On the Dynamics of the Leeuwin Current

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  • 1 School of Mathematics, The University of New South Wales, Kensington, New South Wales, Australia
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Abstract

Two models, one numerical and one analytical, are used to investigate mechanisms for the generation and flow of the Leeuwin Current observed off the west coast of Australia. Three numerical experiments are conducted using the Bryan–Cox Ocean General Circulation Model. In the first experiment an alongshore density gradient is imposed, while in the latter two experiments the additional effects of warm, fresh North West Shelf waters are considered. The alongshore density gradient in the Indian Ocean produces an onshore geostrophic flow which turn southward and intensifies as it flows along the coast of Western Australia and into the Great Australian Bight. Maximum alongshore surface velocities occur just off the shelf break and below this poleward current is a weak equatorward flow. The magnitudes of the velocity vectors and associated advection of temperature and salinity, and the width, structure and geographical location of the current all agree well with field observations. The effects of the warm, fresh North West Shelf waters are to enhance the alongshore barotropic current on the shelf. This response is mainly local and diminishes with alongshore distance. Model results suggest that the Leeuwin Current a baroclinic current driven by an alongshore density gradient in the Indian Ocean, maintained by equatorward surface heating and poleward surface cooling. The numerical results further predict the existence of a cyclonic circulation off Northwest Cape in the top 120 m of water. It is deduced that the seasonal modification of the Leeuwin Current is due to local winds and seasonal variation in the north–south density gradient.

A linear analytical model of the continental shelf cicculation coupled to a two layer open ocean confirms the conclusions drawn from the numerical model, and shows that the shelf circulation obeys a simple balance between alongshore pressure gradient forces (due to steric height gradients), and bottom friction. It is shown that in the absence of vertical mixing, the presence of a sloping shelf is necessary for the existence of the trapped eastern boundary current. Without the sloping shelf the current radiates offshore through baroclinic Rossby wave propagation. For parameters applicable to the Leeuwin Current, the analytic model predicts realistic alongshore transports.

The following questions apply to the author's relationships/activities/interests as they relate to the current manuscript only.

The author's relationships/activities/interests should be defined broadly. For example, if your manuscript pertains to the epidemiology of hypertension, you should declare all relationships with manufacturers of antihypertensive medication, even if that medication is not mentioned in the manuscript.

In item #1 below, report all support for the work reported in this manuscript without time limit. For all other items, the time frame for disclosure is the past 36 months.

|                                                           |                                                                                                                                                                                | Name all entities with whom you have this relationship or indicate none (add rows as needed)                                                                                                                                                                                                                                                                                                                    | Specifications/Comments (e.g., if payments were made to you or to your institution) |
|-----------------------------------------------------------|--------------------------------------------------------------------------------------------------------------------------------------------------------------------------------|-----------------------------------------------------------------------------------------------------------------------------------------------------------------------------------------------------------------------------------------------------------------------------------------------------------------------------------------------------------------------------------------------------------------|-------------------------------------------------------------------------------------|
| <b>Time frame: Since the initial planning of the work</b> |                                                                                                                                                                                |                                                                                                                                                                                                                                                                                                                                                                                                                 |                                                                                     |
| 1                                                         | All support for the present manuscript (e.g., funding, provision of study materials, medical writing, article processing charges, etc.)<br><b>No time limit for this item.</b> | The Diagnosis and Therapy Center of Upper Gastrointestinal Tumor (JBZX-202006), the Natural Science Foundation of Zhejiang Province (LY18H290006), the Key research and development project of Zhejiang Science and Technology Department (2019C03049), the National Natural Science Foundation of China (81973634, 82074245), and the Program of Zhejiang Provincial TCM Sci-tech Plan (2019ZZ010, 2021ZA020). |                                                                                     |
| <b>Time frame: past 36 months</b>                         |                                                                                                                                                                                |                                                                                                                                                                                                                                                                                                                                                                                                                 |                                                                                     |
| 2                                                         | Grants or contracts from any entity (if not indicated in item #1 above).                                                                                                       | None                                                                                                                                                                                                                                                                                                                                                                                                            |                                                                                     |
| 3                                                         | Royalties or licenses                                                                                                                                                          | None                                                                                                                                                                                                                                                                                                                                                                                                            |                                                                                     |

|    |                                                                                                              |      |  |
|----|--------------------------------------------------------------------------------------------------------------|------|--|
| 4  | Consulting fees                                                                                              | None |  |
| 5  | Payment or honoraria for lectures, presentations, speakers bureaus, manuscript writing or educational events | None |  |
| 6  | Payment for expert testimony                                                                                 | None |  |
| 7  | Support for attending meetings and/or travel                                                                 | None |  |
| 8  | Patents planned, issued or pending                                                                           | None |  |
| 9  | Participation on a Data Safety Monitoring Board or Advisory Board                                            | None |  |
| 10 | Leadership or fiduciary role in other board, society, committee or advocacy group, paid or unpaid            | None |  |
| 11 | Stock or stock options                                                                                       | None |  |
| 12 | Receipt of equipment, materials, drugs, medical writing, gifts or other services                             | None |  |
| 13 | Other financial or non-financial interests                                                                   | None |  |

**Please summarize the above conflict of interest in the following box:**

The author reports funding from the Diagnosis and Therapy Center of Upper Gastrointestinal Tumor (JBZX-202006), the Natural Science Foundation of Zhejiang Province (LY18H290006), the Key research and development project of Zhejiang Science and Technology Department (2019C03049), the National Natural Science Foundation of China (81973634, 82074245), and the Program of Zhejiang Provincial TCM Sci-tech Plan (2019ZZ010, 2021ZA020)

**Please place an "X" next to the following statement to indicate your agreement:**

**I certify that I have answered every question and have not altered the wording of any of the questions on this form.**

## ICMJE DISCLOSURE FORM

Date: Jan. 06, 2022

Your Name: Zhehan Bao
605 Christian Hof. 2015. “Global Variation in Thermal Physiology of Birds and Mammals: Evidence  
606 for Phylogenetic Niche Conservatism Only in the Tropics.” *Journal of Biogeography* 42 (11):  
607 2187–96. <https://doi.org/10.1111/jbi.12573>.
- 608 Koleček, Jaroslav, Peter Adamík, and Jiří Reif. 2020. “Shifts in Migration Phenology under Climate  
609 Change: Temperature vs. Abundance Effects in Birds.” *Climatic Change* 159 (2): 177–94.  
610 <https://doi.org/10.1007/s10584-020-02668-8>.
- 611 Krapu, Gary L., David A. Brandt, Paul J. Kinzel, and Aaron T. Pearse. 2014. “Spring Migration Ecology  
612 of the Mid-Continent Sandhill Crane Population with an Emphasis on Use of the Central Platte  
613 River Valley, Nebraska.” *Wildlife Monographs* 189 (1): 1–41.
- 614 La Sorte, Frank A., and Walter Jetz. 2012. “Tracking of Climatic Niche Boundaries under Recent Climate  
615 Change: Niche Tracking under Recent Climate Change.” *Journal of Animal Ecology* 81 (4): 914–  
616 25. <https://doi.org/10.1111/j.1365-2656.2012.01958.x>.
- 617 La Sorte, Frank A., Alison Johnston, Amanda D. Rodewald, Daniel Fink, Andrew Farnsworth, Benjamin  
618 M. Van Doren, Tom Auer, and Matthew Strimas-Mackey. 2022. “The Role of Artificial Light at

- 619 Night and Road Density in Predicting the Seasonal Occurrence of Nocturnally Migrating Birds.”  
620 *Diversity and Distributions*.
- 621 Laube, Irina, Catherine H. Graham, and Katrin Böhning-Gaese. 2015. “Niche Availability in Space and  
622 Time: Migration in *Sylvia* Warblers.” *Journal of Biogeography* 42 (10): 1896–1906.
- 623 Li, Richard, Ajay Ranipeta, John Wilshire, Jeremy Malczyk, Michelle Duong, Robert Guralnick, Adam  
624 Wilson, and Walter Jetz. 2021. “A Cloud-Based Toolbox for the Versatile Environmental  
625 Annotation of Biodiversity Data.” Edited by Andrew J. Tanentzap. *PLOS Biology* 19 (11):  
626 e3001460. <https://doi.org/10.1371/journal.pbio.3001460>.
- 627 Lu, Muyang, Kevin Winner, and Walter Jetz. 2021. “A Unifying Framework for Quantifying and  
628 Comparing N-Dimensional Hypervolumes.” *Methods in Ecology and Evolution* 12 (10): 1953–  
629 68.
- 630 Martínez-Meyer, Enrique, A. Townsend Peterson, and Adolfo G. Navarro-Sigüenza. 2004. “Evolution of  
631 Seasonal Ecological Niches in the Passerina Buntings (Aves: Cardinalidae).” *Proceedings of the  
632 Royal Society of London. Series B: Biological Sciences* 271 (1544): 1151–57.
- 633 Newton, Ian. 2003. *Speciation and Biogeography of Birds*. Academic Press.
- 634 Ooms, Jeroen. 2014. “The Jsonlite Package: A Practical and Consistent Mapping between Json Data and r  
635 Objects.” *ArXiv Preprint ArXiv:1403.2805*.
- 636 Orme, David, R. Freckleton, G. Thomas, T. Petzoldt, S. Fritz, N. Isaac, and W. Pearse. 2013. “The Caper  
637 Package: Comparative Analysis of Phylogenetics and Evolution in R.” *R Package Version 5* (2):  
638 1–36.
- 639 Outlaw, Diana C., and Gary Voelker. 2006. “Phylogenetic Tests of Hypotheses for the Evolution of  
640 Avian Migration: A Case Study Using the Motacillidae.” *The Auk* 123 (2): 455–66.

Abstract

Two models, one numerical and one analytical, are used to investigate mechanisms for the generation and flow of the Leeuwin Current observed off the west coast of Australia. Three numerical experiments are conducted using the Bryan–Cox Ocean General Circulation Model. In the first experiment an alongshore density gradient is imposed, while in the latter two experiments the additional effects of warm, fresh North West Shelf waters are considered. The alongshore density gradient in the Indian Ocean produces an onshore geostrophic flow which turn southward and intensifies as it flows along the coast of Western Australia and into the Great Australian Bight. Maximum alongshore surface velocities occur just off the shelf break and below this poleward current is a weak equatorward flow. The magnitudes of the velocity vectors and associated advection of temperature and salinity, and the width, structure and geographical location of the current all agree well with field observations. The effects of the warm, fresh North West Shelf waters are to enhance the alongshore barotropic current on the shelf. This response is mainly local and diminishes with alongshore distance. Model results suggest that the Leeuwin Current a baroclinic current driven by an alongshore density gradient in the Indian Ocean, maintained by equatorward surface heating and poleward surface cooling. The numerical results further predict the existence of a cyclonic circulation off Northwest Cape in the top 120 m of water. It is deduced that the seasonal modification of the Leeuwin Current is due to local winds and seasonal variation in the north–south density gradient.

A linear analytical model of the continental shelf cicculation coupled to a two layer open ocean confirms the conclusions drawn from the numerical model, and shows that the shelf circulation obeys a simple balance between alongshore pressure gradient forces (due to steric height gradients), and bottom friction. It is shown that in the absence of vertical mixing, the presence of a sloping shelf is necessary for the existence of the trapped eastern boundary current. Without the sloping shelf the current radiates offshore through baroclinic Rossby wave propagation. For parameters applicable to the Leeuwin Current, the analytic model predicts realistic alongshore transports.

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